Children are consulted on and/or involved in project oversight
100%of new projects include an assessment of the status of children and the failings of the youth protection system in the target country or region, including information collected via consultations with children carried out in accordance with ethical best practices and key principles in youth protection.
100%of new projects include consultations with children who previously interacted with formal child protection institutions. These consultations occur at the project start-up, closing and at regular intervals during its execution.
An impact assessment is developed based on consultations with children occurring during and at the end of the project.
50%of the projects have a youth advisory committee that is representative of the affected population to provide feedback on the main strategic priorities and decisions.
75%of the youth involved in governance activities come away with an improved understanding of issues related to child protection and child rights.
child participation activities
75%of the youth involved agree that they were given sufficient information and opportunity to participate effectively and that their views were taken into account.
A balance between child participation and child protection is maintained at every project stage
100%of activities involving children organised by the IBCR and 75%of those organised by partners are subject to a preliminary risk analysis, risk mitigation measures and the IBCR’s monitoring requirements.
Representativity and the best interest of the child are central considerations in
Strengthening the capacities of professionals who work with children is one of the IBCR’s core activities. We offer training on approaches for aligning practices with children’s rights and we help develop and update tools that clarify and standardise the roles and responsibilities of the various actors in youth protection systems. In doing so, we enable professionals to do their jobs more effectively, gain a better understanding of children’s rights and needs, and appreciate the special considerations specific to each individual. However, the IBCR’s efforts are only worthwhile if they result in lasting changes in the everyday work and practices of the targeted institutions, organisations or professions. Lasting changes are key to establishing stable youth protection systems and services.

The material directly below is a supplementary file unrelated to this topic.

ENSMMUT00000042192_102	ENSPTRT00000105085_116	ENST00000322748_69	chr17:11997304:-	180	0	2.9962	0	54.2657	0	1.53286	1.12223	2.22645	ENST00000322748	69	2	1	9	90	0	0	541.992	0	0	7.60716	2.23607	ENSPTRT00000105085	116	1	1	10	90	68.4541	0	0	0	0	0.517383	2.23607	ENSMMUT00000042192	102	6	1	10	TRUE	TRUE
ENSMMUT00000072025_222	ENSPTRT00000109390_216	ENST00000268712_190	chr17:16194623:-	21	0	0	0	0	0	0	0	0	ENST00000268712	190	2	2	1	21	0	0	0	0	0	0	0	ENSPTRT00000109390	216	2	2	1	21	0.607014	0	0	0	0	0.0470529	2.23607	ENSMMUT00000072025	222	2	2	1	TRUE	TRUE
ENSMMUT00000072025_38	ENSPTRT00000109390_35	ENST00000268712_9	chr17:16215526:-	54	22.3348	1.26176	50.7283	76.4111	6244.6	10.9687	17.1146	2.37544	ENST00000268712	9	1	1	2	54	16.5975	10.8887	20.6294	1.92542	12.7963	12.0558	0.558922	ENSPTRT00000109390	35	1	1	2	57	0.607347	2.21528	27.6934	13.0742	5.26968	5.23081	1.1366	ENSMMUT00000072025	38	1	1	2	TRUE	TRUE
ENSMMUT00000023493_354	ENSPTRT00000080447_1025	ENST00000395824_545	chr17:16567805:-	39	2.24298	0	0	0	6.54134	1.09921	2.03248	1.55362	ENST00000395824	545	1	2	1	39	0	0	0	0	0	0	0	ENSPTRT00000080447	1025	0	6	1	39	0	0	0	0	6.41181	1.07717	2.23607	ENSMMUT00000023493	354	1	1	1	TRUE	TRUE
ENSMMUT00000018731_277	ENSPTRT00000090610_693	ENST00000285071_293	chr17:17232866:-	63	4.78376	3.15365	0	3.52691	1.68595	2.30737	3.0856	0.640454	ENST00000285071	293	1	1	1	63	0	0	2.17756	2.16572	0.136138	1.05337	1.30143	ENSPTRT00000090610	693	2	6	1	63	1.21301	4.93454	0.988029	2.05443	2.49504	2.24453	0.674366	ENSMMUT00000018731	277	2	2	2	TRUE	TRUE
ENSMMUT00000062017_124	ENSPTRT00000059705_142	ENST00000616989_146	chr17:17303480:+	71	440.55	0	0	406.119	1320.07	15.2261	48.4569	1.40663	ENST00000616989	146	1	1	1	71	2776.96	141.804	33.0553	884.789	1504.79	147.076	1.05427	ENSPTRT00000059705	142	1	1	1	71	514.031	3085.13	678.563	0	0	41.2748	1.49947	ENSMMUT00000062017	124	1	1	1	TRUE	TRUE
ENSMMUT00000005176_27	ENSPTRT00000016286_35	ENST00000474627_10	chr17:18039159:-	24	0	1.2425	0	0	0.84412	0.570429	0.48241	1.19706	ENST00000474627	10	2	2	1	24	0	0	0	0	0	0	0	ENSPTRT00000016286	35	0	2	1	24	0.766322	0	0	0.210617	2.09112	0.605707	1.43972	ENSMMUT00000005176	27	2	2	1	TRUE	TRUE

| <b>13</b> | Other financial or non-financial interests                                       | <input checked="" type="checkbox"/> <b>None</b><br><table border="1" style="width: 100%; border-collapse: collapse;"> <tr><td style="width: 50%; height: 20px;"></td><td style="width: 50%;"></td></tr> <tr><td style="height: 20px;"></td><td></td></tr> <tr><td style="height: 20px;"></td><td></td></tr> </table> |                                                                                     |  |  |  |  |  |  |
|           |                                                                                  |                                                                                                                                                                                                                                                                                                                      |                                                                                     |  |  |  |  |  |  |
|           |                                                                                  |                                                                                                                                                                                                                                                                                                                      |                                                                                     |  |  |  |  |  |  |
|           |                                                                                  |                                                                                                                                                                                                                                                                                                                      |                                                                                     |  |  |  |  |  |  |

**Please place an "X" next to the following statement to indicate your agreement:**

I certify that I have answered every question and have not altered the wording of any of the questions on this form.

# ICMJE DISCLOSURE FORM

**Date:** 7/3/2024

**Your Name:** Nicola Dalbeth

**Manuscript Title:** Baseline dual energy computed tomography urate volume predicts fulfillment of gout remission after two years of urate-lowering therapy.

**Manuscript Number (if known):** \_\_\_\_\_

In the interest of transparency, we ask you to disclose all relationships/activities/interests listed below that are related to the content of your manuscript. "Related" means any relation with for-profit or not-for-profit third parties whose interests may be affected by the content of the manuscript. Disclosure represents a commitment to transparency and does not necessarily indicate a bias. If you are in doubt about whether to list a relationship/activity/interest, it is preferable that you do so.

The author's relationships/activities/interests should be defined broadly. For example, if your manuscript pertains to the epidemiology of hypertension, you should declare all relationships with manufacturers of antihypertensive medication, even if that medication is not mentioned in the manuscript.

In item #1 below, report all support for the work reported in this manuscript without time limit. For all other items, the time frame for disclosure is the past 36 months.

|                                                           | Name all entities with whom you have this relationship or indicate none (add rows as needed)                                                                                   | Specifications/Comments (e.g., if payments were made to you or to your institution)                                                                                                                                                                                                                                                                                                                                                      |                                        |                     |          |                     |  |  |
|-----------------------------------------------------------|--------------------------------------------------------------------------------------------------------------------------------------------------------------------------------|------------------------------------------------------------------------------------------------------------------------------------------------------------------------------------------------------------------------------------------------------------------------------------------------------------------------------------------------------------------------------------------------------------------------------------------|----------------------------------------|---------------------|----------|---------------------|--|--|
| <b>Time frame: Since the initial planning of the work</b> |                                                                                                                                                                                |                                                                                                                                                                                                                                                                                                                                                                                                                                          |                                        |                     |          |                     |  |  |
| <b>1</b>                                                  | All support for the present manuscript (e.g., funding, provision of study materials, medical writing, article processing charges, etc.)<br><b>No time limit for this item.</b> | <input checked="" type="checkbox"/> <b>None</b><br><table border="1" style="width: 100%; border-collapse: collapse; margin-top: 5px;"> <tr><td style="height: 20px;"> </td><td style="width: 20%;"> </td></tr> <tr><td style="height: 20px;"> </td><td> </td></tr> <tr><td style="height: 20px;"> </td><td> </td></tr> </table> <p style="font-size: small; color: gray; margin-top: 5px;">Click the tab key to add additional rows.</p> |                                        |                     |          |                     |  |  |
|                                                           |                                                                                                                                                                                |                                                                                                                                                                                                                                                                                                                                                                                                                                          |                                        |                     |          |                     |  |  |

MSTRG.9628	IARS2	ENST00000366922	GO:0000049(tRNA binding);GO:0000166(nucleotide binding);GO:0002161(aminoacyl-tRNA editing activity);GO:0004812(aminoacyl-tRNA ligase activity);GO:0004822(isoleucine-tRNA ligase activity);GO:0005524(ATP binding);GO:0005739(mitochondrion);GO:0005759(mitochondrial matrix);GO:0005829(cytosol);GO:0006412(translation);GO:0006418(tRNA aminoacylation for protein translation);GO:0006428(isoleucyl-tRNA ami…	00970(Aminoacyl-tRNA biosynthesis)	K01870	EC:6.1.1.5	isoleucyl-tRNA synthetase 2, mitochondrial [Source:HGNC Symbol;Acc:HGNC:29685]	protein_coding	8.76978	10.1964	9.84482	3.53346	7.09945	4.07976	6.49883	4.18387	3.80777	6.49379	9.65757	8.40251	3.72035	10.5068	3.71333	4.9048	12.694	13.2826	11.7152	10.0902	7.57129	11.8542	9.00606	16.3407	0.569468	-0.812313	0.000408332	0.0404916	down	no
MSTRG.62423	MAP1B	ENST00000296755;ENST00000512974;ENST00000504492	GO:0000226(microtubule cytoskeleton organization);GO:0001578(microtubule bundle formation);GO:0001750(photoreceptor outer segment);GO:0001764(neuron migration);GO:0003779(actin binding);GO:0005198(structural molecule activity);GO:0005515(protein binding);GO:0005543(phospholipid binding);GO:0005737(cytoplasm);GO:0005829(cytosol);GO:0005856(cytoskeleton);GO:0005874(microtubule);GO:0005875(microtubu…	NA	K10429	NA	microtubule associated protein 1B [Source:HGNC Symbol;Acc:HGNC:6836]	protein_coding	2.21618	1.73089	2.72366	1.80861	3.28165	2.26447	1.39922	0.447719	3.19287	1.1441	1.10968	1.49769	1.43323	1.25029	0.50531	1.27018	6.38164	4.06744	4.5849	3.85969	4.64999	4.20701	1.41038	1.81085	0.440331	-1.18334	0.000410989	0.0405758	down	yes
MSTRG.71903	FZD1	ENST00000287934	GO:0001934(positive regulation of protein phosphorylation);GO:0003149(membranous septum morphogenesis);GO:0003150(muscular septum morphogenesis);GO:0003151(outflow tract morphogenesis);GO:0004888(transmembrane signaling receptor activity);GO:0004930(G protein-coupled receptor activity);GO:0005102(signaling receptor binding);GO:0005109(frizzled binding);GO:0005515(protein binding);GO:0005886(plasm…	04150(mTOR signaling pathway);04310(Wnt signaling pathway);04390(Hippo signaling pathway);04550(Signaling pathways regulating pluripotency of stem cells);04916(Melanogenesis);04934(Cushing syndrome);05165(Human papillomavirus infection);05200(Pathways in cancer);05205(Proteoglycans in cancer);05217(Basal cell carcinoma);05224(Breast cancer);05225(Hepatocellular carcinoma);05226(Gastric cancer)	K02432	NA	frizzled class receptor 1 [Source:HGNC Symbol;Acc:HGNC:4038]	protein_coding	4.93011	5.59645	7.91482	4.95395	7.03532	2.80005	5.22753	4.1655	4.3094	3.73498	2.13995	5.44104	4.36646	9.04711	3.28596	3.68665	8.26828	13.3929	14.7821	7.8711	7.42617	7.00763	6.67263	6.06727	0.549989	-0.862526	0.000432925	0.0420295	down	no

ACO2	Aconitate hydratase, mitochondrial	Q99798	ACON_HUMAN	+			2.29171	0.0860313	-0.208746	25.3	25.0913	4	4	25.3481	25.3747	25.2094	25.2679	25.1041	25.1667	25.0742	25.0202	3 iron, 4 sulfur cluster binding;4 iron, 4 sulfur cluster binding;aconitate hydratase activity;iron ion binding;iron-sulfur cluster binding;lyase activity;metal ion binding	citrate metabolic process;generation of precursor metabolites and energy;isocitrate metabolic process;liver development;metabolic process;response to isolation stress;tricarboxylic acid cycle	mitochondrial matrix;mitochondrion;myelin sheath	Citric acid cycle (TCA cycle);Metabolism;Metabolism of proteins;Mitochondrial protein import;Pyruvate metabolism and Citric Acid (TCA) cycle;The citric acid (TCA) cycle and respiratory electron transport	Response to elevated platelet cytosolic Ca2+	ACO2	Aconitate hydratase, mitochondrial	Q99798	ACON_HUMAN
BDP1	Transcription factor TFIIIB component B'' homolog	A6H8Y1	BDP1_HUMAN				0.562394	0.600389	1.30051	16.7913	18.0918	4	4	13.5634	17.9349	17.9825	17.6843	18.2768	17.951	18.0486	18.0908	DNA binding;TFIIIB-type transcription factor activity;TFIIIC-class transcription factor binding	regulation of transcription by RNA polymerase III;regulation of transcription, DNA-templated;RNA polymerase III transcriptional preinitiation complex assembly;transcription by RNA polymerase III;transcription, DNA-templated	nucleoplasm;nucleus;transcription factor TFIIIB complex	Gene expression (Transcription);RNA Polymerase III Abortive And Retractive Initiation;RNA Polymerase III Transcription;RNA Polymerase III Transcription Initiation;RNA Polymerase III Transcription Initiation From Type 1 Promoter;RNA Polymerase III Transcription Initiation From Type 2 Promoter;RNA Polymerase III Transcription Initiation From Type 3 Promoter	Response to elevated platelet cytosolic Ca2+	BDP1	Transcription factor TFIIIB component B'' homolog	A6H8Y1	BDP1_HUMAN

By providing tools to workers with responsibilities
The IBCR has built its strategy for 2021–2024 around the notion of sustainability. We are committed to working with project partners to make sure initiatives and results are maintained over time. We will implement a robust advocacy strategy to ensure that the courses developed through our projects are permanently added to the basic training and professional development programmes for the targeted professions. We will allow all the actors in youth protection systems to access our assessments of the status of children and failings within these systems. And finally, we will share recommendations developed with stakeholders on required courses of action that are not within the IBCR’s scope.
tools and training with professional responsibilities for children
Each project is designed to ensure that newly acquired capacities are maintained over the long term
75%of the professionals who take the IBCR’s training courses say it has prepared them to improve or change their practices to better protect children and safeguard their rights.
100%of our projects are designed to ensure that newly acquired capacities are maintained over the long term. Training materials and courses are practical, accessible and tailored to local needs
75%of the workers involved in our projects believe the tools and training are suited to their needs and easy to understand.
Consideration is given to factors that could cause resistance to changes in practices
100%of the risk factors identified in preliminary studies are taken into account when changes in practice are first introduced and reviewed on a regular basis.
75%of the professionals involved in the project say they are more aware of practices that infringe on children’s rights, including in the area of gender equality.